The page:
KENTWOOD, Mich. (WOOD) — The Michigan Department of Natural Resources is recommending residents temporarily remove bird feeders because of concerns about the spread of bird flu, but some feel the suggestion is overly cautious.
An increasing number of cases in Michigan and neighboring states spurred the recommendation, according to DNR spokesperson Ed Golder.
“One easy way the public can help to reduce the potential spread of the disease is to remove outdoor bird feeders. There’s not a lot of widespread recommendations from state agencies like ours to do that yet but temporary removal out of an abundance of caution could be helpful,” Golder said.
If you own birds that are at high risk — like chickens — the DNR says removing feeders is important to reduce the chance of transmission.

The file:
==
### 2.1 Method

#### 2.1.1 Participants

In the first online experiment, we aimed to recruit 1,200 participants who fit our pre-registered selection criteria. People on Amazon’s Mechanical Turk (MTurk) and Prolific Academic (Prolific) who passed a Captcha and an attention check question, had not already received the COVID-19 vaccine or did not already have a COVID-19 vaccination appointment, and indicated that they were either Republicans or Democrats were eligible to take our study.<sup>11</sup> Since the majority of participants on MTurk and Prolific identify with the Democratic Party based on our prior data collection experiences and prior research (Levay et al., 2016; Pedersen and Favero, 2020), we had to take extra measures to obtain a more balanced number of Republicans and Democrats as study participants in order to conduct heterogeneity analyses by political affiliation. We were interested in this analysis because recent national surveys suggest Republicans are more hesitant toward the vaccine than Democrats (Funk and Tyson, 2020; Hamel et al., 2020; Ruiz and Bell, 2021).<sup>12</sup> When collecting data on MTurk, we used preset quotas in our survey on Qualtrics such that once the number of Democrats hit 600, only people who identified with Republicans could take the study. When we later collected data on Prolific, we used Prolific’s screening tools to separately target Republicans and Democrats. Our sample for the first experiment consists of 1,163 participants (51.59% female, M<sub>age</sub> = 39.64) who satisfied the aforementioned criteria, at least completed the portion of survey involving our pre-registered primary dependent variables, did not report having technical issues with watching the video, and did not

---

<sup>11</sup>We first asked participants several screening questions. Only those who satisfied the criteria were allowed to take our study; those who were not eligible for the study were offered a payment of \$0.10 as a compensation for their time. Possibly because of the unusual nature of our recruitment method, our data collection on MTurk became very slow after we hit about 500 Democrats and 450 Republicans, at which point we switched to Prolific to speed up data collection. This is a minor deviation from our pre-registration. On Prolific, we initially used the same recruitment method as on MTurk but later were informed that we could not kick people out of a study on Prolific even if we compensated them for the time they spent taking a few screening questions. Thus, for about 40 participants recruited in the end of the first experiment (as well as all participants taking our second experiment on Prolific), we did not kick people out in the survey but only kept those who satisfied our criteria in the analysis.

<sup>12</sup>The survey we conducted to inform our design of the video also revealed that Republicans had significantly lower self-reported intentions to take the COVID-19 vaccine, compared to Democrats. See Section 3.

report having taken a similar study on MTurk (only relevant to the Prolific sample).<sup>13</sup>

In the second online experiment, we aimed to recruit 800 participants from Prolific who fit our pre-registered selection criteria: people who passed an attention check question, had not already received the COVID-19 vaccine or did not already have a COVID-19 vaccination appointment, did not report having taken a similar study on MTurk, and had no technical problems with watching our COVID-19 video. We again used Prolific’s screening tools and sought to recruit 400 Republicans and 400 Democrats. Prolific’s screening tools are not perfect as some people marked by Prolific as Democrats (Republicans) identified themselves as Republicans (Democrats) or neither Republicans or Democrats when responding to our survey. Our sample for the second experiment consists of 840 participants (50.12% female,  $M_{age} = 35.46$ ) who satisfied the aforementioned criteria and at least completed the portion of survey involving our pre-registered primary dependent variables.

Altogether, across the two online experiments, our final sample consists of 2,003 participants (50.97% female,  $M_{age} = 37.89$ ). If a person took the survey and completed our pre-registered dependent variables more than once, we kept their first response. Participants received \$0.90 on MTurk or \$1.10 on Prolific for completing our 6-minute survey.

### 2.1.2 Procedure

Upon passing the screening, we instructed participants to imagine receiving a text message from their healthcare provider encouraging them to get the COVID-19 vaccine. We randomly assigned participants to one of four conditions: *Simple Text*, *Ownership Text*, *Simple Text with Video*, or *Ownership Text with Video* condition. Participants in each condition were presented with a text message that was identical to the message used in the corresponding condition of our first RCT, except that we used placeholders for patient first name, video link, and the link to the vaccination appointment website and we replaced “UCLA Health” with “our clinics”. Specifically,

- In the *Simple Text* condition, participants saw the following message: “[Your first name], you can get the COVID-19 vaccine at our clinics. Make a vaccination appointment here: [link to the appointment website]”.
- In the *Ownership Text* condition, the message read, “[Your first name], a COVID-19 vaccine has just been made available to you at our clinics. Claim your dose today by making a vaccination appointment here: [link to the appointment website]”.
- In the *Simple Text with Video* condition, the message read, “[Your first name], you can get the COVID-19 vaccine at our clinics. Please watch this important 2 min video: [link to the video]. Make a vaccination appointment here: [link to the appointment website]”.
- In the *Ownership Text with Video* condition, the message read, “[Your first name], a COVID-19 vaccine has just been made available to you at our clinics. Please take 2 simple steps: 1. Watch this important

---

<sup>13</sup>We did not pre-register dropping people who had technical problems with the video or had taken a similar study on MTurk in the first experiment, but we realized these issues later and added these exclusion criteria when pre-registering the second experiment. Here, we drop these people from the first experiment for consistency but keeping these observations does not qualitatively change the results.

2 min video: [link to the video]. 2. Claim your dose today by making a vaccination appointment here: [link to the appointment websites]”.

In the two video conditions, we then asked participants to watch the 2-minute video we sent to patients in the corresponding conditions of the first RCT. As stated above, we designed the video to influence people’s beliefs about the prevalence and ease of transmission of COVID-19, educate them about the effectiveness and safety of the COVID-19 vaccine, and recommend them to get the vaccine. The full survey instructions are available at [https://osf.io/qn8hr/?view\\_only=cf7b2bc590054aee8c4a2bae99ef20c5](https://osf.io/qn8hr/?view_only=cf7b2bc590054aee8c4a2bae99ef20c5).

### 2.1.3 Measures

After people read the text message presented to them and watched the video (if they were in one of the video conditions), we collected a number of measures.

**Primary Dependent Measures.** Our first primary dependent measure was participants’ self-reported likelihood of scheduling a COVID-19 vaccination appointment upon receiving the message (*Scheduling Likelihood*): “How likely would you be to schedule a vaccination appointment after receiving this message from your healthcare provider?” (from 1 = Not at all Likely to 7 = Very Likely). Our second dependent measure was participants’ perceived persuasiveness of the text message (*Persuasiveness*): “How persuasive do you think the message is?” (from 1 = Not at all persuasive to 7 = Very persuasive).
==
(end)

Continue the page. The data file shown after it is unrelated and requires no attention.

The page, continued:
“Domestic birds and some wild birds like waterfowl, raptors, scavengers, are highly susceptible,” Golder said.
The DNR acknowledges more research is needed to better understand the virus and how it spreads.
“Songbirds, the kind of birds you typically see at bird feeders, are less susceptible to highly pathogenic avian influenza and are unlikely to play a significant role in spreading the virus,” Golder said.
Laura Rancour, who owns the location, said the virus is a lower risk to most birds that eat at the feeders and the experts the company have consulted say feeding can be done safely.
“Our customers really want to do the right thing but they’re not exactly sure what that is,” Rancour said. “We just recommend that you do it in a responsible manner by always washing your feeder, cleaning it with bleach, washing your bird bath, cleaning up underneath your feeders.”
The Wild Bird Feeding Institute provides guidelines on how to take precautions.
The sight of birds in the backyard is something Eaaron Henderson-King looks forward to, but the DNR recommendation has him questioning his decision to put the feeder back up.
“We actually did remove it because we had heard the avian flu was in Michigan,” Henderson-King said.
He does not own chickens or other susceptible birds and is trying to figure out the best approach.
“If it’s a case that doing something might harm them, I’m perfectly willing to wait,” Henderson-King said.